Back to your point, though. It’s a very reasonable analysis of the situation both broadly (corporate consolidation) and specifically (games) that sounds exactly like the “ah, crap” analysis we’ll be hearing in 10 years when people start realizing the consequences of these rapidfire moves. The potential consequences of gaming’s increased consolidation may seem obvious, but they also remain speculative. Game Pass might be a cool service that radically shifts the way games are made in extraordinarily bad ways, but we don’t know that’ll happen, and that suggests to me regulators, both in the U.S. and elsewhere, will turn a blind eye.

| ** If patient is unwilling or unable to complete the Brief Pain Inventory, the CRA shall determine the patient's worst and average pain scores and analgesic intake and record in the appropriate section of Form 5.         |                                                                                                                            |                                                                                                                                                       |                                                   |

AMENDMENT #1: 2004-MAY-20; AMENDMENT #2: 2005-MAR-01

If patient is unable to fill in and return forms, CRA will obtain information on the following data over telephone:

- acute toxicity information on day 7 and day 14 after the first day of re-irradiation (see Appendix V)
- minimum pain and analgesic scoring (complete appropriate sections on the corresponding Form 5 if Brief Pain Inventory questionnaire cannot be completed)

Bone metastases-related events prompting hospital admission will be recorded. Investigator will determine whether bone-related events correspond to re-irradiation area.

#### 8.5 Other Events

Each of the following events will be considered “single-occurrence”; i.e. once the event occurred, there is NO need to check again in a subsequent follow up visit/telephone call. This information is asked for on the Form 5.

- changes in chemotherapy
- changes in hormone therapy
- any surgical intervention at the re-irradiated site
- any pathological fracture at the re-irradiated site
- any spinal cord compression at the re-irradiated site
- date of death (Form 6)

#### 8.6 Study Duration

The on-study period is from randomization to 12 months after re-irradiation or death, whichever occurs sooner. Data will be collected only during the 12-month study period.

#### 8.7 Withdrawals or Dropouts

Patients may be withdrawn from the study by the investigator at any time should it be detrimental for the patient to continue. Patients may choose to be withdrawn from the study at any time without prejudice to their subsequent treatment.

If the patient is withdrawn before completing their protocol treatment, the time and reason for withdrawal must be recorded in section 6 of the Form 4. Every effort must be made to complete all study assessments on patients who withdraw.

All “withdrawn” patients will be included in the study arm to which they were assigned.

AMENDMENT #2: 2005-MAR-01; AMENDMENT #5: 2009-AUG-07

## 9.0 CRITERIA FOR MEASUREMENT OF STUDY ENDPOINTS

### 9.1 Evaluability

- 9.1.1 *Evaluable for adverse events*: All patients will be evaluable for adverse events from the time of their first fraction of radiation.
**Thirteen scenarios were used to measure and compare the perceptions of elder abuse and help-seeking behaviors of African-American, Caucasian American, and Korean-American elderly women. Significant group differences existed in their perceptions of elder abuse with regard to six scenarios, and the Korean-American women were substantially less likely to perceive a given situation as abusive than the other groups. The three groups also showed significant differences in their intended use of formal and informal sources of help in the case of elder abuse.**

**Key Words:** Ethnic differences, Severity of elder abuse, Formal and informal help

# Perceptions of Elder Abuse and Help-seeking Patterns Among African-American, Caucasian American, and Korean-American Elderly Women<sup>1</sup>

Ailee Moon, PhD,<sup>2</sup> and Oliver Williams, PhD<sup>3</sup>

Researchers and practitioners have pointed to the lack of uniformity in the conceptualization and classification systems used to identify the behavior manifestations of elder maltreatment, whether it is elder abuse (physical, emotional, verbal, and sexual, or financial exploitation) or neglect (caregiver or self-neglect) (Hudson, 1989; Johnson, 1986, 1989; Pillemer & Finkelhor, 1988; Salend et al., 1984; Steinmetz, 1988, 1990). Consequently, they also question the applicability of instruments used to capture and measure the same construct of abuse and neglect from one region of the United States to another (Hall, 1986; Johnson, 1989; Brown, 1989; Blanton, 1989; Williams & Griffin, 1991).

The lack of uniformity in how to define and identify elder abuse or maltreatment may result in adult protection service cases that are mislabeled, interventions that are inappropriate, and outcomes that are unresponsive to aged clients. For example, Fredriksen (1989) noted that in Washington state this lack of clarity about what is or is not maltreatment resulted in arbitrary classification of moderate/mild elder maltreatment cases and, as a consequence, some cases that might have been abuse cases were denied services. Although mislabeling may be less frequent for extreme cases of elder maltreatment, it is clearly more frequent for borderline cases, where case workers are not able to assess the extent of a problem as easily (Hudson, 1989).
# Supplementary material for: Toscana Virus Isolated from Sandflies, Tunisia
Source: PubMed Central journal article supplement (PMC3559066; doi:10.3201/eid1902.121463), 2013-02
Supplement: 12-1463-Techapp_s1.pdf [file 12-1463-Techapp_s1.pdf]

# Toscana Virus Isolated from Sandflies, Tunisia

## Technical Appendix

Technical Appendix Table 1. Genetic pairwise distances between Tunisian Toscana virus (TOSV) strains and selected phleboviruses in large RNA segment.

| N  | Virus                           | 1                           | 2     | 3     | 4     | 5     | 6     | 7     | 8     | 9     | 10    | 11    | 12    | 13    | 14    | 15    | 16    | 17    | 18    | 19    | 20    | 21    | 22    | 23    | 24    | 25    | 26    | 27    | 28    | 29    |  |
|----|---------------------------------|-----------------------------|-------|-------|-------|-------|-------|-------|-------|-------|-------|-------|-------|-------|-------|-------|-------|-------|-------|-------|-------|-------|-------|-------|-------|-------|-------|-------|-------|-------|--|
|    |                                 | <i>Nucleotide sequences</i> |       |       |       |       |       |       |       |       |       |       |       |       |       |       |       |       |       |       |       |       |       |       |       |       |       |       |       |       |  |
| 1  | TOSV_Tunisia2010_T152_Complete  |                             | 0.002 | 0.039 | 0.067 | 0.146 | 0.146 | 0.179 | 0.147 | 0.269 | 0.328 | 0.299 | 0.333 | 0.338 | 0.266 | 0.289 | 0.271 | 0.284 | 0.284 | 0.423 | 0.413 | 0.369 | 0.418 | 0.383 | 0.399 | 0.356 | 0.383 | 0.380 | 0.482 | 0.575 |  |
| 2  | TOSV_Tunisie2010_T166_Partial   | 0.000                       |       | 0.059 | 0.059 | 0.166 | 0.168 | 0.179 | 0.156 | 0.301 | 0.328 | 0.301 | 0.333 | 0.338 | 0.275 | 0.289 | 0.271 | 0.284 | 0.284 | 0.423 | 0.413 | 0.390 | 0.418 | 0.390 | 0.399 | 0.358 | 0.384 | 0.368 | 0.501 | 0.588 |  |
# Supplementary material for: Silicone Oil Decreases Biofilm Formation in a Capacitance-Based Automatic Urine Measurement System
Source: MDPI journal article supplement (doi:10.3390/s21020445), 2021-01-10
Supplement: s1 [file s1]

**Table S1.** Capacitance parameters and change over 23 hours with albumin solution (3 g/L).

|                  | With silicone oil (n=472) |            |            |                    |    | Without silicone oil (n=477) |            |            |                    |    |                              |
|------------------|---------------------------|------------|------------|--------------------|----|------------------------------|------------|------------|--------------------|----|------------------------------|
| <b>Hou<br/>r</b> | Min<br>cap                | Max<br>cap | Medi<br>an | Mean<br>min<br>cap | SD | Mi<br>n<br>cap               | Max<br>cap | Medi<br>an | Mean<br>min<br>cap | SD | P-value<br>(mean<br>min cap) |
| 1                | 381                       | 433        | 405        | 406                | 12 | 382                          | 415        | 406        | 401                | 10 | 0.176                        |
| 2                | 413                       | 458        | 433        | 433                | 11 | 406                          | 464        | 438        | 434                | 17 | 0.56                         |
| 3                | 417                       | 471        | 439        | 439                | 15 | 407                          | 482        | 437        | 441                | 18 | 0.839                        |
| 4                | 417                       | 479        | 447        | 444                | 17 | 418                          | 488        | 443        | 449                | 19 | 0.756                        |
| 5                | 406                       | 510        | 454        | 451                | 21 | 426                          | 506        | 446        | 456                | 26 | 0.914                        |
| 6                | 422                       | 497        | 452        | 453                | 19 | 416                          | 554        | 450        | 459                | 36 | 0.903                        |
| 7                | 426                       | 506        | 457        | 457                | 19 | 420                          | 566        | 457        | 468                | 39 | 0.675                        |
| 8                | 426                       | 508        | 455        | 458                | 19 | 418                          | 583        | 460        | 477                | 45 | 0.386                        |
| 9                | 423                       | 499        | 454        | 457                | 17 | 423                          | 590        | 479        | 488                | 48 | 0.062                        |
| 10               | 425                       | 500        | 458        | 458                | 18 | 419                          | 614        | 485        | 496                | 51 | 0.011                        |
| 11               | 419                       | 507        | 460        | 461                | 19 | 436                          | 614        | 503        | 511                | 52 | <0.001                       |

But Game Pass has been around long enough that you can almost make judgement calls on the quality of a game, based on whether Microsoft acquires it right before it’s released. This happened most famously with Outriders last year, a perfectly fine game that almost immediately sputtered out—but was a huge hit on Game Pass for a hot minute. It’s hard not to draw the same conclusion about Rainbow Six Extraction, the long-in-development spin-off that, at the last second, is coming to Game Pass. At one point, you might have assumed that’s because Microsoft wants to make a splashy play, but now, maybe it’s just Ubisoft trying to sell the cable rights to their video game, while Microsoft waits for folks to come knocking.